After deregulation, Duke Energy bought four California power plants. The company appears to hold the record for the highest price ever charged for electricity almost $3,900 a megawatt.
Before the energy crisis the average price was only $30, reports CBS News Correspondent Vince Gonzales.
In an exclusive interview, former workers from Duke's South Bay Power Plant tell CBS News how they think Duke may have pushed up prices.
"Their exact quote was they're making more money than they ever thought possible," recalled Glenn Johnson.
Johnson, who was a mechanic at the South Bay plant for more than 20 years, supports what state investigators say happened across California units were shut down unnecessarily in order to shrink the supply of electricity.
"I felt I was directed at pieces of equipment that didn't need to be taken down at that particular period of time," said Johnson.
Johnson also claims Duke ordered maintenance shutdowns even though he didn't have the needed parts.
"Looking back at it, it would tell me they wanted the load limited," said Johnson. Asked if that meant less power would be coming out of the plant and higher prices, Johnson replied, "Correct."
Ed Edwards knows why they had to wait for spare parts. A supervisor ordered him to get rid of them.
"I explained to him, 'Man, that's good stuff. These are parts we can use.' And so I took a forklift and I disposed of some 23 palettes of good inventory," said Edwards.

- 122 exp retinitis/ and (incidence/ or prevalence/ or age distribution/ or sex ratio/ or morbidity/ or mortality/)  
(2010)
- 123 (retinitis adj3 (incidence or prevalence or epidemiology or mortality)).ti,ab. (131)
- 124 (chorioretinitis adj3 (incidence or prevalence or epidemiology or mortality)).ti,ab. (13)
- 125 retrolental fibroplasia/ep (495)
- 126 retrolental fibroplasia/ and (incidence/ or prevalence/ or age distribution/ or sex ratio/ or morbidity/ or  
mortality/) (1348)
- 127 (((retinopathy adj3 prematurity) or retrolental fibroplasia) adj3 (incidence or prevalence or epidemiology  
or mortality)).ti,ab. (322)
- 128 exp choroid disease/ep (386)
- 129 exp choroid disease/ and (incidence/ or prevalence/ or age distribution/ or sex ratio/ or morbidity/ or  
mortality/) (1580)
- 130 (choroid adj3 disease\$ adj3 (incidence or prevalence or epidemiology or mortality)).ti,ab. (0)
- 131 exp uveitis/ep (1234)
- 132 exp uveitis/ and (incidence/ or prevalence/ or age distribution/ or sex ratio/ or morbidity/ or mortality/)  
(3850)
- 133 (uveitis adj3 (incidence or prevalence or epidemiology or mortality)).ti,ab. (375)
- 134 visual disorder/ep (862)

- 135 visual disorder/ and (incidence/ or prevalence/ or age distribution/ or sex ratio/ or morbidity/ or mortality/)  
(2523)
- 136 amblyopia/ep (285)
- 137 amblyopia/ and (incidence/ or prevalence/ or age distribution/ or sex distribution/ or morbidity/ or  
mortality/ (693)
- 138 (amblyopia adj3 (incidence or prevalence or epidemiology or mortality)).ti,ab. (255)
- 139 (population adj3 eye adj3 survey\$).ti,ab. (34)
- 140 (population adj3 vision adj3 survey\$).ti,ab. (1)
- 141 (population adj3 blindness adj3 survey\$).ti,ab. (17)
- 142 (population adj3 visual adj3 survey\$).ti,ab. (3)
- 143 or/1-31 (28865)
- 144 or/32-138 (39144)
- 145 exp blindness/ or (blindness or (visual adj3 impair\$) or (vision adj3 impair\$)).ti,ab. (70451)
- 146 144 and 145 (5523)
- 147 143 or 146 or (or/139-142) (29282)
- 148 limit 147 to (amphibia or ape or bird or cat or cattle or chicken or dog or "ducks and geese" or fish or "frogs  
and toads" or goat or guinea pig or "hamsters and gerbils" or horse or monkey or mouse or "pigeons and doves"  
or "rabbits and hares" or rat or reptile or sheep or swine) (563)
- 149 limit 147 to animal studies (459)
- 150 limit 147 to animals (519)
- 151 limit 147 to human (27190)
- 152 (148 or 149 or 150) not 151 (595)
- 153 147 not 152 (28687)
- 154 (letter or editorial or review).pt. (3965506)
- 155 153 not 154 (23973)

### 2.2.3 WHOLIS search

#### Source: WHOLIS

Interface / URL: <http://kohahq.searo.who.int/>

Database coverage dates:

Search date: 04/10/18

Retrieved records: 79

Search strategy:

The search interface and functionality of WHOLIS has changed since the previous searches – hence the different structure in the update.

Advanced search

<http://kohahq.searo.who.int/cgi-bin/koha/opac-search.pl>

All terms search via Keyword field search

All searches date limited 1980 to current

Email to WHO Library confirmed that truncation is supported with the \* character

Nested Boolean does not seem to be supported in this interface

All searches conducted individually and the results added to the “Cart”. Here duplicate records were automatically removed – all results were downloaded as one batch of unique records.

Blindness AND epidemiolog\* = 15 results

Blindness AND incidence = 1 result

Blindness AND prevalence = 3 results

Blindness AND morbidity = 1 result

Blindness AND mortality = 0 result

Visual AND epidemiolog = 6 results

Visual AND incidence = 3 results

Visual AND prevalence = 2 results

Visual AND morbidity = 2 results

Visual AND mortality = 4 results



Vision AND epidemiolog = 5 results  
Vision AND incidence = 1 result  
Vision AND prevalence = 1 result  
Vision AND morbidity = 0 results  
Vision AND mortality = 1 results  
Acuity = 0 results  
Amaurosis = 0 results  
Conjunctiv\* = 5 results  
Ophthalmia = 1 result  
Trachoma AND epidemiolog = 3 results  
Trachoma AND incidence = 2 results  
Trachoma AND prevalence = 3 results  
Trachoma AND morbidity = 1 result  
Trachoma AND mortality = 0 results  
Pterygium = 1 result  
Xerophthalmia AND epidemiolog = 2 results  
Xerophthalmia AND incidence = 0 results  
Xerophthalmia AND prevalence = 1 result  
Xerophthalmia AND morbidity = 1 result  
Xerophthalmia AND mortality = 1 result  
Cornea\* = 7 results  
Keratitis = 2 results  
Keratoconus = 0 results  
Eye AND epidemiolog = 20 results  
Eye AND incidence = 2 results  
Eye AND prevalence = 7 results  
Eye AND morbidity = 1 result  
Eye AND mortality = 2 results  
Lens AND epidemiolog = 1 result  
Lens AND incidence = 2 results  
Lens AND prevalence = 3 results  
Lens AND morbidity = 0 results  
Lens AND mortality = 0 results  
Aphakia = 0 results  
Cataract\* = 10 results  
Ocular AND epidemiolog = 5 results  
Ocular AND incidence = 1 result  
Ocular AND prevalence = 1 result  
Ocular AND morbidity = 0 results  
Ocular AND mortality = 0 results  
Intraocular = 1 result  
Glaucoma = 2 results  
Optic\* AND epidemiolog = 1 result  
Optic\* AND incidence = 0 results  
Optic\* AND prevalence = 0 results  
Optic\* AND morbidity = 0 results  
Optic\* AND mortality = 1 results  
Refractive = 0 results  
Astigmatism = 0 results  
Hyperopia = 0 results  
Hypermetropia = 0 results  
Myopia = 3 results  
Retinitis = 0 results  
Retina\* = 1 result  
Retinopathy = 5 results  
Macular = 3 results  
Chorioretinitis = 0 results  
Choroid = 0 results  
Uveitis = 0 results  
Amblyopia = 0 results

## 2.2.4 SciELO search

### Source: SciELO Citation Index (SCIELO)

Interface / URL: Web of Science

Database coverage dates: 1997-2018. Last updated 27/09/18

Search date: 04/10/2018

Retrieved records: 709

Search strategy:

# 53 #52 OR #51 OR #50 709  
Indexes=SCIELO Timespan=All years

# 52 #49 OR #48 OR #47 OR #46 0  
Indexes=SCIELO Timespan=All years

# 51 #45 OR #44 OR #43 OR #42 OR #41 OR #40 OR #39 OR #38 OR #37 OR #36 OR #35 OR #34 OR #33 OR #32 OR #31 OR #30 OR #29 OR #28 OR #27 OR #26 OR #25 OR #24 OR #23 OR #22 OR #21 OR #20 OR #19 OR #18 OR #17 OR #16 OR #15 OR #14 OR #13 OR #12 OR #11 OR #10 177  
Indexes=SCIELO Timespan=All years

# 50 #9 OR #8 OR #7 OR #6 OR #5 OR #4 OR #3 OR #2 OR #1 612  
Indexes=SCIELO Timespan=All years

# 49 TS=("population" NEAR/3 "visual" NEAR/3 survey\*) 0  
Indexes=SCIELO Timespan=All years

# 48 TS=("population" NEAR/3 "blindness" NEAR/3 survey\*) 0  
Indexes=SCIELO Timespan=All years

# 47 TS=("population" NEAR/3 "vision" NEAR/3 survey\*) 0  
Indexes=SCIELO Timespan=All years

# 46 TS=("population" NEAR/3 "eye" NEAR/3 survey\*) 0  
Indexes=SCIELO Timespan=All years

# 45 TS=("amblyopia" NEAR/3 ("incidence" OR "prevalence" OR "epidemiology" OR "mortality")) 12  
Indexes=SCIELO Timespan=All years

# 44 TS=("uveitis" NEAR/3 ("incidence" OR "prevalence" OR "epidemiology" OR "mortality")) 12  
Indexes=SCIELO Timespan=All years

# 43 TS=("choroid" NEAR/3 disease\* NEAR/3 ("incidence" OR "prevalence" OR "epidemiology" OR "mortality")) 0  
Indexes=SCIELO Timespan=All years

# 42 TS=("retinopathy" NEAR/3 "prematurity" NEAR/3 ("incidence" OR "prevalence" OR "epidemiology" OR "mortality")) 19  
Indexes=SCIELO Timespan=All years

And after 22 years at the plant, he couldn't understand Duke's decision to constantly run the most expensive turbine that produced the least power.
Asked why that would be done, Edwards responded, "I can't tell you. My opinion would be it had something to do with economics."
Jimmey Olkjer is no economist, but he was an assistant control room operator at the plant.
"Why do you think they ran it so much? It cost more to run so you can charge more for each megawatt," said Olkjer.
Control room logs obtained by CBS News show Duke Energy Trading and Marketing (DETM) ordered power levels to quickly rise and fall something Olkjer says never occurred before deregulation at Duke.
Asked what the logs indicated, Olkjer said, "Well, that means to me they were manipulating the market."
"We are proud of our maintenance procedures at the plant. The production levels speak for themselves," said Duke spokesman Tom Williams. "Our production levels are way up. The plant's working hard."
Williams says the expensive turbine met demand and environmental requirements. And as for the logs, Duke says every change in power level was ordered by the state.
"The ISO often instructs us to move the plant up and down to manage the daily system load," he said.
The ISO, California's Independent System Operator, which has already accused Duke of withholding power 80 percent of the time last year, is checking its own logs and may have some answers Friday, when the plant workers are scheduled to testify before a state committee on price-fixing.
The men say they were let go in April when Duke restructured the plant's workforce.
"This needs to be exposed. When I look at my bill every month, having the knowledge of what's going on behind the scenes, I think it's a crime that everybody's paying the amount of money that they are," said Edwards.
"There is a thing about making a fair profit and there is nothing fair about this," said Johnson.
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